Renin–angiotensin system blockade in heart failure patients on long-term haemodialysis in Taiwan

    loading  Checking for direct PDF access through Ovid



Heart failure is among the most frequent complications of patients on long-term haemodialysis. The benefits of renin–angiotensin system (RAS) blockade on the outcomes of these patients have yet to be determined.

Methods and results

We conducted a nationwide observational study using data from the Taiwan National Health Insurance claims database, between 1999 and 2010. We enrolled patients aged ≥35 years with new-onset heart failure [diagnosed by International Classification of Diseases, 9th revision, clinical modification (ICD-9-CM) codes] under treatment with medications. New users of a RAS blocker (RASB; i.e. an ACE inhibitor or an ARB used as monotherapy or dual therapy) were selected to compare with non-RASB users. We used Cox proportional hazards regression with and without propensity score adjustment to compare the risk of 3-year all-cause and cardiovascular mortality. Stratified analyses and RASB therapy duration as a time-dependent covariate were also performed. In all, 4771 were treated with an RASB (n = 3024) or without an RASB (n = 1747). RASB users had a higher prevalence of hypertension and diabetes, and a higher number of hospitalization. Among RASB users, 1148 deaths (38.0%) occurred during 5272 person-years of follow-up compared with 734 deaths (42.0%) among non-RASB users during 2683 person-years of follow-up. Three-year mortality rates were 45.4% and 49.1% for patients receiving and those not receiving an RASB, respectively (log-rank test, P < 0.001). Adjusted hazard analysis revealed that RASB therapeutic effects remained significant on all-cause [hazard ratio (HR) 0.8; 95% confidence interval (CI) 0.72–0.89; P < 0.001] and cardiovascular mortality (HR 0.76; 95% CI 0.64–0.90; P < 0.01).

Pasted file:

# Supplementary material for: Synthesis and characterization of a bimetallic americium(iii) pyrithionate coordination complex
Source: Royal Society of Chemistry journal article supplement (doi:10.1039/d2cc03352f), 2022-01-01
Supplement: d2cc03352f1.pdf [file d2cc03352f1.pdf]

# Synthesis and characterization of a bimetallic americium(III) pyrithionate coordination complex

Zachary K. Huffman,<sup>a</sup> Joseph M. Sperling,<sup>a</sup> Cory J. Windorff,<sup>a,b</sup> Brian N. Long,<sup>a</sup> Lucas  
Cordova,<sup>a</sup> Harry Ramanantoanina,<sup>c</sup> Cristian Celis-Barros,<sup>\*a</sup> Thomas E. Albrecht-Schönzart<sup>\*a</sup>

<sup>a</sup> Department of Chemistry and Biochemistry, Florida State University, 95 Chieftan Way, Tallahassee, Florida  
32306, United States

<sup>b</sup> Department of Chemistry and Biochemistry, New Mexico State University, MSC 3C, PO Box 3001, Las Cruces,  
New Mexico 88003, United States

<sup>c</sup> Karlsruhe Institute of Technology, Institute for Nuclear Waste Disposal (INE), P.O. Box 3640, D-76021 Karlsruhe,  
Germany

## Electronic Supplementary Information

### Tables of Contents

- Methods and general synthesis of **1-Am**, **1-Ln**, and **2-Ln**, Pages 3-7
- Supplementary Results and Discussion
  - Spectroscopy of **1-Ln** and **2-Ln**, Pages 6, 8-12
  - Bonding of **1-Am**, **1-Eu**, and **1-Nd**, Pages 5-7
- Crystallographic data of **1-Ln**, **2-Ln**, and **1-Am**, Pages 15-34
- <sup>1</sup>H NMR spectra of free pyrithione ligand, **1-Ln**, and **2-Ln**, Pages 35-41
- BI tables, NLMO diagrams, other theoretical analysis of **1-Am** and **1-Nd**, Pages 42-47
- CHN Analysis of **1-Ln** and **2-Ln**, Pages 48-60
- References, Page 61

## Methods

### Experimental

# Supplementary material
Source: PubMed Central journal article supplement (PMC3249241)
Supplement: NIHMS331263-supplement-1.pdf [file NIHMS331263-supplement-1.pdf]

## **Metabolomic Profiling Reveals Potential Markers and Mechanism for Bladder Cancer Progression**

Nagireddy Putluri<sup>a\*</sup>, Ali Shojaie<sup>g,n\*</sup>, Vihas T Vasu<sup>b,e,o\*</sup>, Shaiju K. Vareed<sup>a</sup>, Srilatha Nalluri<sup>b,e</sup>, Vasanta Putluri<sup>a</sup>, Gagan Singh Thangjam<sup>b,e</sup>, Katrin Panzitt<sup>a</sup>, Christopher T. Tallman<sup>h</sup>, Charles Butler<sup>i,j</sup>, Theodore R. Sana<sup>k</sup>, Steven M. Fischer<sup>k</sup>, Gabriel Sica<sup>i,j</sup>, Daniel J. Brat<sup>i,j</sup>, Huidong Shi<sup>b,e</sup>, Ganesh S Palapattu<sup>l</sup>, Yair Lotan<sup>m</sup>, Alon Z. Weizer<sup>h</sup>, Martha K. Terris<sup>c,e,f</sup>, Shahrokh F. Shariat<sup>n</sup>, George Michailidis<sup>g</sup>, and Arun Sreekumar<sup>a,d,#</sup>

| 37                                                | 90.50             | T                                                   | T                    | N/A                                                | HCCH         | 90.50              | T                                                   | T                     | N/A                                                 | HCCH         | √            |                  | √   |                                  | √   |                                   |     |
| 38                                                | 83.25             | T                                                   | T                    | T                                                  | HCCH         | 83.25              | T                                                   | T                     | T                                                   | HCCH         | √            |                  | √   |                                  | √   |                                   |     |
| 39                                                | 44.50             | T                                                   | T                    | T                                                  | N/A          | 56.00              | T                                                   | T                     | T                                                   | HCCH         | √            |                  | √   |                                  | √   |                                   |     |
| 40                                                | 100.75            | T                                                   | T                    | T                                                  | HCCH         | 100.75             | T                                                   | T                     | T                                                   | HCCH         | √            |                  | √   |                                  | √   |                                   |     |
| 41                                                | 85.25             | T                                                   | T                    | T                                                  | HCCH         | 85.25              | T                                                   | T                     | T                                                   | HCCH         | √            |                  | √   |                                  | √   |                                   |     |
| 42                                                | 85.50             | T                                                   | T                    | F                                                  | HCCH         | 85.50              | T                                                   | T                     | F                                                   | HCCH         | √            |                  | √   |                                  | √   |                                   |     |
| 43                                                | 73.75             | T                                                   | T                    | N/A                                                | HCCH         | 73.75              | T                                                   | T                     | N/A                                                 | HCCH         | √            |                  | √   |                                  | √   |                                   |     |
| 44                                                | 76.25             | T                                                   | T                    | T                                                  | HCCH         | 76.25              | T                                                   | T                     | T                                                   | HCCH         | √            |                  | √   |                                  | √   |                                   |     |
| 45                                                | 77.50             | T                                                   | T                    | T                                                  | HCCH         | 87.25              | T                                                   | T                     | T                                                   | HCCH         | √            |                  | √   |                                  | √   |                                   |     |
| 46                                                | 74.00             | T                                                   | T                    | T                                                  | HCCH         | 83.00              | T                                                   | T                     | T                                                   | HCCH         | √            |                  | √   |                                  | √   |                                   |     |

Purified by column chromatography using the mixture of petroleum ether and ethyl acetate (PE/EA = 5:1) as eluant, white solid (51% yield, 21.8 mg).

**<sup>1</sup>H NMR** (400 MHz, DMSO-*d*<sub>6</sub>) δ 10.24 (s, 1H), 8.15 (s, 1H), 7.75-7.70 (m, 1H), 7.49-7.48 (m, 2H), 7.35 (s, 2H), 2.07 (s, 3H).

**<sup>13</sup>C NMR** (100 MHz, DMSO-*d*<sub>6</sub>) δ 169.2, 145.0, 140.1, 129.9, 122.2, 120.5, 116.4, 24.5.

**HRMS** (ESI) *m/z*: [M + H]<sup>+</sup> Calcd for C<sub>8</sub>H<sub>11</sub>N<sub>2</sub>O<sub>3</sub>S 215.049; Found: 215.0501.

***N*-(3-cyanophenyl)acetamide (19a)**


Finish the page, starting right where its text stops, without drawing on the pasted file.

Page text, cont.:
RASB therapy reduced all-cause and cardiovascular mortality in heart failure patients on long-term haemodialysis.

Related Topics

    loading  Loading Related Articles